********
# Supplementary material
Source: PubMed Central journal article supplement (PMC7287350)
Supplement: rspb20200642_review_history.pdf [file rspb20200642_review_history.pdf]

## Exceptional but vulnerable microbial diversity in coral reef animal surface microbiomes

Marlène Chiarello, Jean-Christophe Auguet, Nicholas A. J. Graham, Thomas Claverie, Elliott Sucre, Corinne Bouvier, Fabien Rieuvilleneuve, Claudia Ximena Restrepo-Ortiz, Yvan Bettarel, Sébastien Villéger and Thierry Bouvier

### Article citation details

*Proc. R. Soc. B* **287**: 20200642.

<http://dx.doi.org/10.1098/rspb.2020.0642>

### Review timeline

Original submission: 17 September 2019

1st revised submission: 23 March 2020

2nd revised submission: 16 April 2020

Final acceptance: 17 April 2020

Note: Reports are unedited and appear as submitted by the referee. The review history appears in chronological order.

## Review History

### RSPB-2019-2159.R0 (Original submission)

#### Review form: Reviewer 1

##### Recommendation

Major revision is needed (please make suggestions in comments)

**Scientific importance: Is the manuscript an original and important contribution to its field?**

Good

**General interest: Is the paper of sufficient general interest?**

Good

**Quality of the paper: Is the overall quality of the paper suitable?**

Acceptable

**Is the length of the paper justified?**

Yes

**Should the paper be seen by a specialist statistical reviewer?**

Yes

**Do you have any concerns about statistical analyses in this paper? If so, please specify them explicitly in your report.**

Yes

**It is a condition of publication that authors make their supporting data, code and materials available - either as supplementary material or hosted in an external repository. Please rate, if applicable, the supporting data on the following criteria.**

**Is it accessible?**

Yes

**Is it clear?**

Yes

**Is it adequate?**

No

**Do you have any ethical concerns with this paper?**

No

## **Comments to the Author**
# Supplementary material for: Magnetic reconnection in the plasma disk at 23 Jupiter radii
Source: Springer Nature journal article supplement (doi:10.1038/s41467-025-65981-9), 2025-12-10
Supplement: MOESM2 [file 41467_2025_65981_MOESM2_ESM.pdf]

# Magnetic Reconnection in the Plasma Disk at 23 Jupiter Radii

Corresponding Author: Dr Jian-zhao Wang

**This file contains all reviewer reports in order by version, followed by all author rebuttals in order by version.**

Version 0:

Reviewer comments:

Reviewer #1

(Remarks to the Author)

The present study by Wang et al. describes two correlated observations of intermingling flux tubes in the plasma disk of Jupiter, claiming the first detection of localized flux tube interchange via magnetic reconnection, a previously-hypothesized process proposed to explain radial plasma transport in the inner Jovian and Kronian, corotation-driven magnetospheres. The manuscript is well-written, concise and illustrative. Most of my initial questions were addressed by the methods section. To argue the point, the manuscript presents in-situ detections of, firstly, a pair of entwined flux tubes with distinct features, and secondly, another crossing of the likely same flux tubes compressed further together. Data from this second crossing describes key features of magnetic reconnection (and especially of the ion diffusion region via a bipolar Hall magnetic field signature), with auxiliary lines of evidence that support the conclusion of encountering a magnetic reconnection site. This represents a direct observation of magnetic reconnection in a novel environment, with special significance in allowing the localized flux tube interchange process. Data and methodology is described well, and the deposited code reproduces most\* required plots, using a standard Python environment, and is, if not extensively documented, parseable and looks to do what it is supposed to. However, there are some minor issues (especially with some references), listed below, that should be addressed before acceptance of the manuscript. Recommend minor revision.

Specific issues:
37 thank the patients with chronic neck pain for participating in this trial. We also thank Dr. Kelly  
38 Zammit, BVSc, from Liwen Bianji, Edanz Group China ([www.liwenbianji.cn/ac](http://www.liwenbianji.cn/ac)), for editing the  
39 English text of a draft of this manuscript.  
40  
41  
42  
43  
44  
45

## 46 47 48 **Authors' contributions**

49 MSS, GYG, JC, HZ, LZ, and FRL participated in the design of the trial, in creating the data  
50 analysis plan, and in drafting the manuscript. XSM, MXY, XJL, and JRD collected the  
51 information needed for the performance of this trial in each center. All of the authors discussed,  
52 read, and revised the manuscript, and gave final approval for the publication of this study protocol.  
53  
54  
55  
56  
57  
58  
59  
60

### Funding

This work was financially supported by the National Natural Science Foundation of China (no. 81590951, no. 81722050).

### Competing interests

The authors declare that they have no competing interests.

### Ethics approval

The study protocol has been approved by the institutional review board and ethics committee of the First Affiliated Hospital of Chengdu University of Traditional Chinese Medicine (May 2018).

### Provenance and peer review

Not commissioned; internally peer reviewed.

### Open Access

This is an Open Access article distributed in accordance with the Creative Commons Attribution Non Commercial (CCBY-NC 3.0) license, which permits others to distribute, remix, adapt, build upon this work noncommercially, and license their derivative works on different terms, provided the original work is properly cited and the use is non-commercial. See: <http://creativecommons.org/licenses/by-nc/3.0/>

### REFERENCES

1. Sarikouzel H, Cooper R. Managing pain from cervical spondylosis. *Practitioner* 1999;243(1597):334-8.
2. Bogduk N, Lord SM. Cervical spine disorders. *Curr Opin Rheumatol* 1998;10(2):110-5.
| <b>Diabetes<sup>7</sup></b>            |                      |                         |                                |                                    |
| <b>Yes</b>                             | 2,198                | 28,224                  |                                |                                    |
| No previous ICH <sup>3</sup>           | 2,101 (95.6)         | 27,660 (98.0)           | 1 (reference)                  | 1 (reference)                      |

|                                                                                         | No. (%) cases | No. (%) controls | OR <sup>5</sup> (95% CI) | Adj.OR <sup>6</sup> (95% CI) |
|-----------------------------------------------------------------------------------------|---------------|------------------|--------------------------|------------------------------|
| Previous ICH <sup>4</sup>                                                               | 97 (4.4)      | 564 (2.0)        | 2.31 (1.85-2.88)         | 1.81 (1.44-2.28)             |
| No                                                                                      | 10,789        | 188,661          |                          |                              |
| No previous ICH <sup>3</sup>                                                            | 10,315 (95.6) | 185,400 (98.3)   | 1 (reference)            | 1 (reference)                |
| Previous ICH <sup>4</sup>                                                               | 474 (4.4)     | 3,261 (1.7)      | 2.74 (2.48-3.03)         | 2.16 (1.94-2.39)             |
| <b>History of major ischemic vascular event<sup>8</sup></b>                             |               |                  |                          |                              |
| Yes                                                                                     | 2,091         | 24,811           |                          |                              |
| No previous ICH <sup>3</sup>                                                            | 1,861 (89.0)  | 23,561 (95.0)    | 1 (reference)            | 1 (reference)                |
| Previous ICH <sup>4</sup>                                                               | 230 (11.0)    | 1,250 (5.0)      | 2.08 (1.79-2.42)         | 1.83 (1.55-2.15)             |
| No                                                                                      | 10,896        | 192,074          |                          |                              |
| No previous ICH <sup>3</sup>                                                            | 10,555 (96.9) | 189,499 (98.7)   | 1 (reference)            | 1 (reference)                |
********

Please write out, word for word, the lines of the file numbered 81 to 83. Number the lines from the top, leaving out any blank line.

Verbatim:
The study protocol has been approved by the institutional review board and ethics committee of the First Affiliated Hospital of Chengdu University of Traditional Chinese Medicine (May 2018).

### Provenance and peer review

Not commissioned; internally peer reviewed.